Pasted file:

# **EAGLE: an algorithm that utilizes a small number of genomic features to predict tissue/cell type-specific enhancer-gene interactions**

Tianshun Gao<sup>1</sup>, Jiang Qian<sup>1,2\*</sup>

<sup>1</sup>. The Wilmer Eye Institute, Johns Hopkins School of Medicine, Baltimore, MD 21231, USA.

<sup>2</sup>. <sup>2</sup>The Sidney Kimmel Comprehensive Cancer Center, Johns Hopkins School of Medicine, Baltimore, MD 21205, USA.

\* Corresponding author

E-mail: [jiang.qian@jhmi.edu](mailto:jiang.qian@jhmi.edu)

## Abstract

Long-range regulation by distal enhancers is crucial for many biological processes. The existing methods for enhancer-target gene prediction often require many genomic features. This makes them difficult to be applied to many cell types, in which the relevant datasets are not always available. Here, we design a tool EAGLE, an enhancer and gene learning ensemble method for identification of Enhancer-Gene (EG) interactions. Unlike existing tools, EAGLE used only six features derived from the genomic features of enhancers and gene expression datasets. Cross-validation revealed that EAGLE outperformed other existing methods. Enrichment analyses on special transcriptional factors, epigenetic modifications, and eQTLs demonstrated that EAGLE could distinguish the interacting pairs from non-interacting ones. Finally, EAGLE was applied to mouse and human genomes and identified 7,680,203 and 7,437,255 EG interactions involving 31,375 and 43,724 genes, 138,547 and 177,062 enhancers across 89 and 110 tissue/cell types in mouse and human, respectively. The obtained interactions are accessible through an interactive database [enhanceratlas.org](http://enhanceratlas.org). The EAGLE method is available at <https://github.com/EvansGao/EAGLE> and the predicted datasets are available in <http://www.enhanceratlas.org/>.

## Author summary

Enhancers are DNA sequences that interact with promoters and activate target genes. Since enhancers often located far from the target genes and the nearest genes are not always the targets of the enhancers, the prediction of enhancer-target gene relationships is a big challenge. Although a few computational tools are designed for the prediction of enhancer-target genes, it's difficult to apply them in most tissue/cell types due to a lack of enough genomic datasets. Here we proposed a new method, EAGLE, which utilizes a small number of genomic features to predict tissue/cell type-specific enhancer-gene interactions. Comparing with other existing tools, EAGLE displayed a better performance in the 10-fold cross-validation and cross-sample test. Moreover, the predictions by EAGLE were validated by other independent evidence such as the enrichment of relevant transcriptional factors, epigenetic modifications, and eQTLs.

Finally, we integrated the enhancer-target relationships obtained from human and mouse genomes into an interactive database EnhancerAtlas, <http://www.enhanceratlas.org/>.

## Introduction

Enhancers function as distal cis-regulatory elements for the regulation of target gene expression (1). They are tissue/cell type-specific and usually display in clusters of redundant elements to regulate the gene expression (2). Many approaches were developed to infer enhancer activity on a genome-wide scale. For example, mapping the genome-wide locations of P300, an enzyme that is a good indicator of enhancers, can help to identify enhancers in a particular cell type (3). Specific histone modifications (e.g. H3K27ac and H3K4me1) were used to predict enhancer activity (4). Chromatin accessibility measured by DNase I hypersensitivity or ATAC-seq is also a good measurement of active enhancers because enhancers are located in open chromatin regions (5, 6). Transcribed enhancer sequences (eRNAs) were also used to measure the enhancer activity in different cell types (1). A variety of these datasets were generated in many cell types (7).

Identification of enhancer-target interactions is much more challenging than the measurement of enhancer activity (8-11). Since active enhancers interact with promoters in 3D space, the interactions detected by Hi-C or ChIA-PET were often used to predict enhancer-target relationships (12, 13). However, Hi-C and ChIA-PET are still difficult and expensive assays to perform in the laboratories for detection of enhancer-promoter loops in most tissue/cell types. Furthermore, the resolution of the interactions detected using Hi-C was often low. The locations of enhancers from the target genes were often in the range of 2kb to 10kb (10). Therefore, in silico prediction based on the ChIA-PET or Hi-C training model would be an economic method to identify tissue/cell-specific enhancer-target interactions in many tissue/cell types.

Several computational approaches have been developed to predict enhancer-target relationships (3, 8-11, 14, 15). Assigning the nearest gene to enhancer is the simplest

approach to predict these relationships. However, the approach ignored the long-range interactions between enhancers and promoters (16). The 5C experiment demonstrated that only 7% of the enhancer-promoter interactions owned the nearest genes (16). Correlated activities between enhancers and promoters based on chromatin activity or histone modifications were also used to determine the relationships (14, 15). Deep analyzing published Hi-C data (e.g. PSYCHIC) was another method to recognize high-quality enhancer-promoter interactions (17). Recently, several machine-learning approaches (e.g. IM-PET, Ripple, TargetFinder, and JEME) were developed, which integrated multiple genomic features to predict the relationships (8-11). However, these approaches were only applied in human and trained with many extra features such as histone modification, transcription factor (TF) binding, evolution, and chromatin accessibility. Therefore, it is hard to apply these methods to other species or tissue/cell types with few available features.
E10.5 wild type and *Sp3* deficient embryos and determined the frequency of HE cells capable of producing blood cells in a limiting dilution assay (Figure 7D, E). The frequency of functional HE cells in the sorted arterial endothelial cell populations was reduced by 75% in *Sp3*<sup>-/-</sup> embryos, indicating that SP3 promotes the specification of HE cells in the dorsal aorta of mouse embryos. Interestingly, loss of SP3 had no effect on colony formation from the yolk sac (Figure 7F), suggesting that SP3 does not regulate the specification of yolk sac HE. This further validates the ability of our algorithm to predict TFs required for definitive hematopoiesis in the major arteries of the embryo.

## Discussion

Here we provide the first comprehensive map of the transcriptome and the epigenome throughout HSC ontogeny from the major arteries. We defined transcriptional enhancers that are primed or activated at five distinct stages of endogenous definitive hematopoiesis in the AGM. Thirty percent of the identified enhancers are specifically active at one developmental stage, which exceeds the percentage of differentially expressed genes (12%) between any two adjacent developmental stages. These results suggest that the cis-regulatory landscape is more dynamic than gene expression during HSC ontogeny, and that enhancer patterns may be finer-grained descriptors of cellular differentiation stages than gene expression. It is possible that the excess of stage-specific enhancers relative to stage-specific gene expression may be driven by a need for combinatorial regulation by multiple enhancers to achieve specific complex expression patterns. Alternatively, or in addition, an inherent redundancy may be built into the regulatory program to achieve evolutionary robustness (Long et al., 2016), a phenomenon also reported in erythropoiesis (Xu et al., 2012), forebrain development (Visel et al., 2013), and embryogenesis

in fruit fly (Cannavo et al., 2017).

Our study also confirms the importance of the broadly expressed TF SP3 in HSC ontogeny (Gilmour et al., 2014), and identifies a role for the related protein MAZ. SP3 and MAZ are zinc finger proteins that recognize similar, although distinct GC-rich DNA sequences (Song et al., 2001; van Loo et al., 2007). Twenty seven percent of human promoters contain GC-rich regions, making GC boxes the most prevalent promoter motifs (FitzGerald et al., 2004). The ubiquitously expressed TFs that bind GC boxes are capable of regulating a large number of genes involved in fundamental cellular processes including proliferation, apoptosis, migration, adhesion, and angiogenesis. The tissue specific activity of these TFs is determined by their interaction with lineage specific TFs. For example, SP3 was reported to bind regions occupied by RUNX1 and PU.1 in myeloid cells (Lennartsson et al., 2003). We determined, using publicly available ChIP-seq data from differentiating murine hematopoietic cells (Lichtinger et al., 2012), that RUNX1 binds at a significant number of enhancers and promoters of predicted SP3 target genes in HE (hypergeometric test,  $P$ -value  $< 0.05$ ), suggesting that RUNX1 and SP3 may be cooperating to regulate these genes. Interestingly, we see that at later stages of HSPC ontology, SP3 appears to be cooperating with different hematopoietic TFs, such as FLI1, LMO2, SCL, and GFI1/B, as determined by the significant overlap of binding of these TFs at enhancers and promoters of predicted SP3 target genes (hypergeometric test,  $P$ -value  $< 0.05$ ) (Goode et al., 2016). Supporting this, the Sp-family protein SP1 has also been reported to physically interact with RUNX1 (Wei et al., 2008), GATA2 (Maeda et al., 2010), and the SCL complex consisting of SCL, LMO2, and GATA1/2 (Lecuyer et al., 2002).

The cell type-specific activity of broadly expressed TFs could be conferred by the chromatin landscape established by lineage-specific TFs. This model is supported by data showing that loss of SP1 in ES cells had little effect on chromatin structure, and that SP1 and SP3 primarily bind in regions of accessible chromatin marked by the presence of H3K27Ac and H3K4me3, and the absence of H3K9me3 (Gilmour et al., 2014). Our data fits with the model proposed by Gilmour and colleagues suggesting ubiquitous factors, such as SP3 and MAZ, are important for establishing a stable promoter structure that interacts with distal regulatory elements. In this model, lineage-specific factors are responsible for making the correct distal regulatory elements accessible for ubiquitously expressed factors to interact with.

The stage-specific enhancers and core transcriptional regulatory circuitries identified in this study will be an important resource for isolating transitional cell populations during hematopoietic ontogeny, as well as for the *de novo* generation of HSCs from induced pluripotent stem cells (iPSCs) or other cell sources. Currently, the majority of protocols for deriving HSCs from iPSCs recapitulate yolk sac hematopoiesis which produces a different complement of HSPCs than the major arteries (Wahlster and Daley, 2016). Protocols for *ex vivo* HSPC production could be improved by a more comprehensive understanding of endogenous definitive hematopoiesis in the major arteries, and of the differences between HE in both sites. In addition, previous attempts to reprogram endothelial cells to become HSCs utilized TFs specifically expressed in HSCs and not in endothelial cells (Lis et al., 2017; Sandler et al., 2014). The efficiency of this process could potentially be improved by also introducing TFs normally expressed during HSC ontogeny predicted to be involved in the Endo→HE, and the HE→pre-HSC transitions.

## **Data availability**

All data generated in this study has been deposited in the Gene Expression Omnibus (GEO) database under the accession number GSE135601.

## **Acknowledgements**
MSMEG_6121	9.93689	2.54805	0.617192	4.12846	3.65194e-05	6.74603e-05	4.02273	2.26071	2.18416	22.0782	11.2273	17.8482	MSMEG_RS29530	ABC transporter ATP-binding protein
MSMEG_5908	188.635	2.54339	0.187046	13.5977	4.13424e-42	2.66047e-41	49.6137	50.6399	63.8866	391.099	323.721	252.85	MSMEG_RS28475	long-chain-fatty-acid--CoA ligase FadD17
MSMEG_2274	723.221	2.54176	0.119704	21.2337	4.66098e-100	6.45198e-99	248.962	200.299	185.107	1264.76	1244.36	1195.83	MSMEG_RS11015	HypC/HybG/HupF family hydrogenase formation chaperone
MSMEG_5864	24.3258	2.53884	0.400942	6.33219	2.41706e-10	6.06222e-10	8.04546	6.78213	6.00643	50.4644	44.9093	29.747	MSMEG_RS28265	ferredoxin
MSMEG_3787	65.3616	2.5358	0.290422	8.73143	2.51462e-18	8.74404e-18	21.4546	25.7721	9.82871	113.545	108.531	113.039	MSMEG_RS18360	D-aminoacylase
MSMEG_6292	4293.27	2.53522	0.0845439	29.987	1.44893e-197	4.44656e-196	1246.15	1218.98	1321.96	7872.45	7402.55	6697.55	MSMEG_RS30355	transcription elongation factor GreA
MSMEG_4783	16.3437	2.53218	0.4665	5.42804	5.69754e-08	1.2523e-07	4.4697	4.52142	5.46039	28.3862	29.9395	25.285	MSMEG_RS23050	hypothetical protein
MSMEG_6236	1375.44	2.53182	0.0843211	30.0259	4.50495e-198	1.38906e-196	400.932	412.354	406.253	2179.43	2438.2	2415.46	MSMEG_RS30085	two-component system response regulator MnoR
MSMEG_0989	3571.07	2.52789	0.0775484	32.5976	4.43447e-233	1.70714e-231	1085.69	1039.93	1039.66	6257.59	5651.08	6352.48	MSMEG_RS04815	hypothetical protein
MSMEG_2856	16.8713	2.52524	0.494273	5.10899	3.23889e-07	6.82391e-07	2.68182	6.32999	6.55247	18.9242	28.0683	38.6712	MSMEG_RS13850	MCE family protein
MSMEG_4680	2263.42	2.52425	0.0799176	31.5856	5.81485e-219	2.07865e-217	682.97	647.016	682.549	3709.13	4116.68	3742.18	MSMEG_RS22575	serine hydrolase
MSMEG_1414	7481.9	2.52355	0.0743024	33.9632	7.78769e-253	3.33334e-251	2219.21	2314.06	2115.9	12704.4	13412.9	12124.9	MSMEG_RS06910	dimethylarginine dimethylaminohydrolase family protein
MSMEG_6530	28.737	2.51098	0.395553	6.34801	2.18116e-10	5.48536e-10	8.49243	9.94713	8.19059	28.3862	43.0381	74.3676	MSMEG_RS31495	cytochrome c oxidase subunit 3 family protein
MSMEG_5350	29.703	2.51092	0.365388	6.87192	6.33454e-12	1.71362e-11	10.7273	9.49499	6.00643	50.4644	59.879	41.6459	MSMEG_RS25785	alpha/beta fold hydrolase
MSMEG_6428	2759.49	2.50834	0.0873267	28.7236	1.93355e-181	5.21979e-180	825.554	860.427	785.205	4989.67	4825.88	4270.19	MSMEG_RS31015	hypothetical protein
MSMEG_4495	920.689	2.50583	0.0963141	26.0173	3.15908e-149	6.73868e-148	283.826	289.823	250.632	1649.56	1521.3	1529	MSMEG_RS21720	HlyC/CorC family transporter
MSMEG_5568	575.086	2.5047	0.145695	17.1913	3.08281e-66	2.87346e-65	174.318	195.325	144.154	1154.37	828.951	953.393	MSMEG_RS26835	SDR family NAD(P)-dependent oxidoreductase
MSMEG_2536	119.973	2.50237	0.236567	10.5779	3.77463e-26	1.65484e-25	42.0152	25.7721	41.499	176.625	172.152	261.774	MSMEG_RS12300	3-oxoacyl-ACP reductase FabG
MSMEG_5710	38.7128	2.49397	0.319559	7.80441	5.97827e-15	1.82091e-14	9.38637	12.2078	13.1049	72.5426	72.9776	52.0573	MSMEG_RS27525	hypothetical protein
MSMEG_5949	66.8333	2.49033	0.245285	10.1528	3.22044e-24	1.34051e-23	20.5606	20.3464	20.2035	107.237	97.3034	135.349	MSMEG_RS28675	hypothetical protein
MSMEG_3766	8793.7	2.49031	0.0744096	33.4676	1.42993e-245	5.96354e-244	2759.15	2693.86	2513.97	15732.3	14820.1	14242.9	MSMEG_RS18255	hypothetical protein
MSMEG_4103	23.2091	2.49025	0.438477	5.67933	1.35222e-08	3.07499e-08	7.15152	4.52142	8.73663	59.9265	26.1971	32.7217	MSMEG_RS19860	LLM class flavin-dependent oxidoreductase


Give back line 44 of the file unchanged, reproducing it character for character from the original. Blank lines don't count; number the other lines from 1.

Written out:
MSMEG_2536	119.973	2.50237	0.236567	10.5779	3.77463e-26	1.65484e-25	42.0152	25.7721	41.499	176.625	172.152	261.774	MSMEG_RS12300	3-oxoacyl-ACP reductase FabG